Halyard Health is accused of providing defective surgical gowns to health care workers during the recent Ebola crisis. Surgical gowns are crucial to protecting health care workers from harmful pathogens and they must be impenetrable to blood and other substances that can transmit disease.
A whistleblower and former marketing director for the MICROCOOL surgical gown brand told 60 Minutes that the gowns were defective, putting workers at risk.Anderson Cooper, 60 Minutes correspondent, interviewed whistleblower Bernard Vezeau about the allegations. Vezeau is former global strategic marketing director for the MICROCOOL brand. The 60 Minutes investigation aired on May 1, 2016.
The program was titled “Strike-through,” the term that used when personal protective equipment fails, exposing workers to infectious bodily fluids. Protective gear is crucial to preventing the transmission of disease. Fears of disease transmission were heightened during the deadly 2014 Ebola outbreak. More than 500 health care workers died of the disease, 60 Minutes reports.
Halyard sells about 13 million MICROCOOL surgical gowns worldwide each year, about a quarter of them in the United States. The MICROCOOL gown label says the gown meets the AAMI Level 4, a rigorous industry standard indicating that the gown is impermeable to blood. But Vezeau told Anderson Cooper that the gowns “would leak. . . especially in the seams,” according to a transcript of the interview.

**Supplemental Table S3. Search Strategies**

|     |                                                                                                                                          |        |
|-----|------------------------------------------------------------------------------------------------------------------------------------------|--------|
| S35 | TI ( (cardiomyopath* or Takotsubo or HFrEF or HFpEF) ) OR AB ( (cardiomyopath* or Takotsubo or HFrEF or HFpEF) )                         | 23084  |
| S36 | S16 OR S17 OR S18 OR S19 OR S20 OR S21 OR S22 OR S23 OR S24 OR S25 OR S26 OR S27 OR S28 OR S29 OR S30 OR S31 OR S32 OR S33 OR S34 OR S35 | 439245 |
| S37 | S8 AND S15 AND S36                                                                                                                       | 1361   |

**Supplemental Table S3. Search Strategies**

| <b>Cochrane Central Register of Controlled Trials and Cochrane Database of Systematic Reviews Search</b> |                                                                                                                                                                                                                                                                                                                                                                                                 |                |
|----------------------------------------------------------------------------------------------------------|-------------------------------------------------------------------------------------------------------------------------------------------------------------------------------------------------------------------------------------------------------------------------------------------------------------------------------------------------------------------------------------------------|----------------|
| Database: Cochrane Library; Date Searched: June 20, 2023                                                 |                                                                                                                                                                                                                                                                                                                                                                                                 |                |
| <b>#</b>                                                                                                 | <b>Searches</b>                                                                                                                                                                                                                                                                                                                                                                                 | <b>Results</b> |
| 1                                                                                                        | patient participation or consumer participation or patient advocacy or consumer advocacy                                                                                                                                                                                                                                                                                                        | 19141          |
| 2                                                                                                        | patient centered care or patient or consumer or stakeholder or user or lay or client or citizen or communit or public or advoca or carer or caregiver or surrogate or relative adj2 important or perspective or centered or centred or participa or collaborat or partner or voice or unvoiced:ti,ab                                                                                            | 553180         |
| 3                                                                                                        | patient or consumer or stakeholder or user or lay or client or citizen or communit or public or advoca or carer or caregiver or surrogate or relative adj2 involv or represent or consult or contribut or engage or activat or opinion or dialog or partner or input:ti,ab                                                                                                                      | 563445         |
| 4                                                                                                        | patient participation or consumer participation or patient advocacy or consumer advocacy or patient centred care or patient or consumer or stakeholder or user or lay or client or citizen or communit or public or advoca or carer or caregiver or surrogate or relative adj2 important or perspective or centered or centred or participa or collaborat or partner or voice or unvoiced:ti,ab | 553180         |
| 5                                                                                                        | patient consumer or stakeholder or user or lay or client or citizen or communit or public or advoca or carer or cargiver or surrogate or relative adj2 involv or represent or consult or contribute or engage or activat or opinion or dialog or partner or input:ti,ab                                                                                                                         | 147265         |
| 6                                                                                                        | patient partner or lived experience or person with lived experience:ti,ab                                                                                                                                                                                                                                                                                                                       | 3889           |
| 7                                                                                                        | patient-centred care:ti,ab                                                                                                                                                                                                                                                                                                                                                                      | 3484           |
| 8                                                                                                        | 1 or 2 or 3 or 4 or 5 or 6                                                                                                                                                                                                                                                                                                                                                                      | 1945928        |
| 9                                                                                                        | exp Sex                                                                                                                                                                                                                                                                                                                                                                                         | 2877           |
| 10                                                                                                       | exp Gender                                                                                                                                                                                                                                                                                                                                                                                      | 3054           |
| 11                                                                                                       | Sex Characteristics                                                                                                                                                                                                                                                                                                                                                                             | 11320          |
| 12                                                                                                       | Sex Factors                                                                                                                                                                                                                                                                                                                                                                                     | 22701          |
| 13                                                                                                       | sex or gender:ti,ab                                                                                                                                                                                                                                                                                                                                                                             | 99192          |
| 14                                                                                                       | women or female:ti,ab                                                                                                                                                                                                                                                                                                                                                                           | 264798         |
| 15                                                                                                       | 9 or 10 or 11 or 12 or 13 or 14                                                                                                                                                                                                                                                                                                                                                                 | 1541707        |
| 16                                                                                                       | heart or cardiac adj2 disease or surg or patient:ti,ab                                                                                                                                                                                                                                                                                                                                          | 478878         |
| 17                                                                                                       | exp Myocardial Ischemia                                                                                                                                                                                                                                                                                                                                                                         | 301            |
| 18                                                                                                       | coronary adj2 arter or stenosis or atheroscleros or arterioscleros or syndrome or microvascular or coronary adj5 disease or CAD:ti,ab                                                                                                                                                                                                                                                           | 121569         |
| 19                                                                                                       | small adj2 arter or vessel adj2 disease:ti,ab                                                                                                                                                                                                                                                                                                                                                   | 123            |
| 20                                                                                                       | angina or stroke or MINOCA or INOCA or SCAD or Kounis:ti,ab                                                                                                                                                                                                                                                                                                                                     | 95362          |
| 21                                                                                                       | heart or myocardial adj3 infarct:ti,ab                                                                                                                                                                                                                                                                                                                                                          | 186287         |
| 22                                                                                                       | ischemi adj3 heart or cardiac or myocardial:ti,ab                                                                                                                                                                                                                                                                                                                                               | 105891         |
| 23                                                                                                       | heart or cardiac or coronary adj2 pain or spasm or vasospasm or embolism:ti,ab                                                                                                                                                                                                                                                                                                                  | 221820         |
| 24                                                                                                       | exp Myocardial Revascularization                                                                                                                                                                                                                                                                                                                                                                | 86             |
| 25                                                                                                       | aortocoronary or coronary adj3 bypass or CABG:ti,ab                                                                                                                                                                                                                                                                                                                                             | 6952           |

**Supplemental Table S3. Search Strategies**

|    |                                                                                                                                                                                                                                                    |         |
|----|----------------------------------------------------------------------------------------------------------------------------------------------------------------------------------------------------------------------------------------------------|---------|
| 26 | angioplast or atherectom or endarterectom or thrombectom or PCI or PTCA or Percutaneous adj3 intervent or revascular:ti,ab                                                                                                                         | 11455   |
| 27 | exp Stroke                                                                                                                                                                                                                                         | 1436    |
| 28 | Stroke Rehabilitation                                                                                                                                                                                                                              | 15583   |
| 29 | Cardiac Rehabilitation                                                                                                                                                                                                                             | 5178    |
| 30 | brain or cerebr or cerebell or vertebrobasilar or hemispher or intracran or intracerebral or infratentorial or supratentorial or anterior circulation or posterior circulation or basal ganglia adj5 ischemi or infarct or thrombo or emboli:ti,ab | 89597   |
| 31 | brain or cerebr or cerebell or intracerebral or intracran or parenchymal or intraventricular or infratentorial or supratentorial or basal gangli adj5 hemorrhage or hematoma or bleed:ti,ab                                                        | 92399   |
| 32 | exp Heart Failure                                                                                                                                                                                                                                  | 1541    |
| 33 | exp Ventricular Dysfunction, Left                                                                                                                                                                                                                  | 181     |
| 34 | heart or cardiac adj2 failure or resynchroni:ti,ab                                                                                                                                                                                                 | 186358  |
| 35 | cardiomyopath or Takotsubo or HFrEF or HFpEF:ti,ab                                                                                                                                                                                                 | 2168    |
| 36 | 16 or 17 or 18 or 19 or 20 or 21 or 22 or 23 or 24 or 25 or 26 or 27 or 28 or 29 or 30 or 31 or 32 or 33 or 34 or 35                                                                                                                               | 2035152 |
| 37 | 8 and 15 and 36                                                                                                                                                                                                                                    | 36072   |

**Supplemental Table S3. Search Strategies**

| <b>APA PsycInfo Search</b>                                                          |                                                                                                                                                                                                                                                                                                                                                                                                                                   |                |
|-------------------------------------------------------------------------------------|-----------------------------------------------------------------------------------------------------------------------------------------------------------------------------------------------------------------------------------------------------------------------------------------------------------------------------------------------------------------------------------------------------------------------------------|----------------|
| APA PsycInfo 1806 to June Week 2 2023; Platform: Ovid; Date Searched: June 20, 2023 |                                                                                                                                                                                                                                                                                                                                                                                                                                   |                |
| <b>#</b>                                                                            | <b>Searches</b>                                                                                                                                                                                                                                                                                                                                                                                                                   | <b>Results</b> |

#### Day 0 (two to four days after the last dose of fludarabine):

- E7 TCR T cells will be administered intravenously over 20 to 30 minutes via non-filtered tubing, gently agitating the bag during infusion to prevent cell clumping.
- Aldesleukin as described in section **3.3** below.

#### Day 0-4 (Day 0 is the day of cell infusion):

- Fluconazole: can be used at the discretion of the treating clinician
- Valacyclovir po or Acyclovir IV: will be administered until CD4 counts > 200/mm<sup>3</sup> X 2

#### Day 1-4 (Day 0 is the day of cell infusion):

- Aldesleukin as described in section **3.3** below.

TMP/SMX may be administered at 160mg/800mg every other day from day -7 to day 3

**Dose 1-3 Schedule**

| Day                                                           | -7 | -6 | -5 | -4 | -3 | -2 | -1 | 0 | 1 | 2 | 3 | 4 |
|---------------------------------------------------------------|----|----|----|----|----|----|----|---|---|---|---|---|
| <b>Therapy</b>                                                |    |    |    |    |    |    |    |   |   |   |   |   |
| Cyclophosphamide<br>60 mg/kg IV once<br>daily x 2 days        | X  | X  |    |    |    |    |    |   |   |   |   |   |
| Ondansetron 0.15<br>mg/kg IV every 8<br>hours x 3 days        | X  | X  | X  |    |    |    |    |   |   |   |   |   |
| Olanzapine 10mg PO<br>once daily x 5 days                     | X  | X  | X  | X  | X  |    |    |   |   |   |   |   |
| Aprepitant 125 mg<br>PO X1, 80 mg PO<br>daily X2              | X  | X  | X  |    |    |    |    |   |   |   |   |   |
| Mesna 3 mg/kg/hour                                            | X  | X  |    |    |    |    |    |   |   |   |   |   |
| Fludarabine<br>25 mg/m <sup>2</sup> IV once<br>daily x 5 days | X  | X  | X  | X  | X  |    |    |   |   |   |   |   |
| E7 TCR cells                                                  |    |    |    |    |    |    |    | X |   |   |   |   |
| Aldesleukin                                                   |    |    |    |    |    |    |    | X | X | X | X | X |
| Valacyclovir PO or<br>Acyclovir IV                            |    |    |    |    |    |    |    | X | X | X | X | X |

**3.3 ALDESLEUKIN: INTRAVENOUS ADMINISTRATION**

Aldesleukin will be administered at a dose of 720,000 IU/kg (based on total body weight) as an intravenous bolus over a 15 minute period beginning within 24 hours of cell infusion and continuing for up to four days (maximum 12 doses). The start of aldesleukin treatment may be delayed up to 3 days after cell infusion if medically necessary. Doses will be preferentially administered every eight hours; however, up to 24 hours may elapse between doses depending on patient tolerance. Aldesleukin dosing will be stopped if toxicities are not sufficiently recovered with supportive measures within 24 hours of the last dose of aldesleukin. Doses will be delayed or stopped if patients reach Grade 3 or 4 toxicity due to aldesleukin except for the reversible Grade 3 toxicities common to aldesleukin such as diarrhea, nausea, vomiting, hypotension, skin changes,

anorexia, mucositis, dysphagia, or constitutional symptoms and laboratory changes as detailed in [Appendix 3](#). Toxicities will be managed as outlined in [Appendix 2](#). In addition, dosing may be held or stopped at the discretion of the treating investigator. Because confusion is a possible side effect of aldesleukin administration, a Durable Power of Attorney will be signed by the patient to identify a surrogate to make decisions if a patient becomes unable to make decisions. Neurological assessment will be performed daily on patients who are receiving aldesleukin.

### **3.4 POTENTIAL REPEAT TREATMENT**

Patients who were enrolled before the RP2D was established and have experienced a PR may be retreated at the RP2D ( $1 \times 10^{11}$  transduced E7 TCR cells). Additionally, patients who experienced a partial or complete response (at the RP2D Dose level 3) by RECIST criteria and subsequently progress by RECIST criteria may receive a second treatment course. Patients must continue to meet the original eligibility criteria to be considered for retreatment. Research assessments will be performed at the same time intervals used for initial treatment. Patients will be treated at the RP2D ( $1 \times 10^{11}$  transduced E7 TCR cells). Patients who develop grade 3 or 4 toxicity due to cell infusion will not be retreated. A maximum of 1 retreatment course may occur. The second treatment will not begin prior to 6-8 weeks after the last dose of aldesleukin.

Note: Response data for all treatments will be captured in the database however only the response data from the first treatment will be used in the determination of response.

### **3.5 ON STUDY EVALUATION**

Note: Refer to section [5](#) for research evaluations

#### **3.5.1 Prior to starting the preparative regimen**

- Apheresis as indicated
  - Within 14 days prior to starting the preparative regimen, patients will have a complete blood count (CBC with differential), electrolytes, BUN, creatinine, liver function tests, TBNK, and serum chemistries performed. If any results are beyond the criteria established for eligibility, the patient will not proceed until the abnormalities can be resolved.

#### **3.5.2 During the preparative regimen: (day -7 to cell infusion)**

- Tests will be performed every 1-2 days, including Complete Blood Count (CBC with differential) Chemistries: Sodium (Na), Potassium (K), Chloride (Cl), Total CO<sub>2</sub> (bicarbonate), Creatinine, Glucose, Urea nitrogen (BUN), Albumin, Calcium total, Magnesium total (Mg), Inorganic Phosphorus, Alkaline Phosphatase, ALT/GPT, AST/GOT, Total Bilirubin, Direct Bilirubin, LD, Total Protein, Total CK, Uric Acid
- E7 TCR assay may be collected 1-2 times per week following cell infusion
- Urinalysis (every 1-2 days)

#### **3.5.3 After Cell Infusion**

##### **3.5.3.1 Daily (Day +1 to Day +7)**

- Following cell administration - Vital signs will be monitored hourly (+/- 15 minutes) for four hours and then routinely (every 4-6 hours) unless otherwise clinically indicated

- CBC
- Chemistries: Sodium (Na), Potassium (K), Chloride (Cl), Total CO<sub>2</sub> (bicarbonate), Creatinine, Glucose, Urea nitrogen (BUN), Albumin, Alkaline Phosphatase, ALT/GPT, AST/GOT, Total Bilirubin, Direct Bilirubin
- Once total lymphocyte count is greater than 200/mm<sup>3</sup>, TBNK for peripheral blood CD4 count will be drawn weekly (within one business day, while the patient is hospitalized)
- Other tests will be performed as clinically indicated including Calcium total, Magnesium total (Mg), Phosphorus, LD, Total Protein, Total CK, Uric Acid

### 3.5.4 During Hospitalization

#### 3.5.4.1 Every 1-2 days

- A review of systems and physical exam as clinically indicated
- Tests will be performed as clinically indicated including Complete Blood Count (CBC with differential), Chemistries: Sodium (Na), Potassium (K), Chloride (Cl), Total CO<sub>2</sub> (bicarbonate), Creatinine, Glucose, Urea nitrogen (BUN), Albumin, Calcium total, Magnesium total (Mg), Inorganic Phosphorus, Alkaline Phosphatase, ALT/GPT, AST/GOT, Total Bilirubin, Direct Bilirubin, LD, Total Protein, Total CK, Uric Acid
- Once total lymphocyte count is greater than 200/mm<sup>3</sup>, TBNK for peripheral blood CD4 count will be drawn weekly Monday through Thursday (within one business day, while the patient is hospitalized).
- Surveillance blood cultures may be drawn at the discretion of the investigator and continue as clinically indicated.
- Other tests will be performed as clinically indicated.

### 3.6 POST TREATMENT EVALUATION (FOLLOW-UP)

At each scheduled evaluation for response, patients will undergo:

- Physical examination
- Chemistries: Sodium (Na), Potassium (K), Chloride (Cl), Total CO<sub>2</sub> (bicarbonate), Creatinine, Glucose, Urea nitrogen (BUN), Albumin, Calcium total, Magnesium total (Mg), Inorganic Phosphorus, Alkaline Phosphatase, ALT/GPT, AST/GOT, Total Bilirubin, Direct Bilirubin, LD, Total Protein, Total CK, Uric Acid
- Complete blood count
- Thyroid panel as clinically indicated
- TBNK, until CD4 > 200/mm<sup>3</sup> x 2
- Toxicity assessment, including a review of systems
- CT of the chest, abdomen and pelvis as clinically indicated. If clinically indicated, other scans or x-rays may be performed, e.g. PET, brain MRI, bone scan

Vezeau said that although the MICROCOOL gowns consistently failed to meet industry testing standards, Halyard Health did not notify customers or the Food and Drug Administration (FDA) because that would have cut into revenue
The evidence for the failed tests comes not just from Vezeau but also from an independent, certified laboratory that tested the sleeves of MICROCOOL gowns in December 2012 showed that 77 percent of the tested gowns failed.
Health care professionals at hospitals such as UF Health in Jacksonville told 60 Minutes that they had experienced strike-through problems themselves. Some of the Florida surgeons took pictures of their bloody arms after the patient’s blood had penetrated the sleeves and sent them to Halyard Health. Vezeau told Cooper that he received strike-through complaints from nurses and surgeons “on a very frequent basis,” but Halyard’s COO told him, “Nobody really cares about surgical gowns.”
Dr. Sherry Wren, a vice chair of surgery at Stanford University School of Medicine told 60 Minutes that she got blood on her arms three times, while wearing three different MICROCOOL gowns. Anderson Cooper asked her if the impermeability of the surgical gowns she wears is important to her. Dr. Wren said, “Do I really want to have somebody else’s infected bodily fluids on my body? No, I do not.”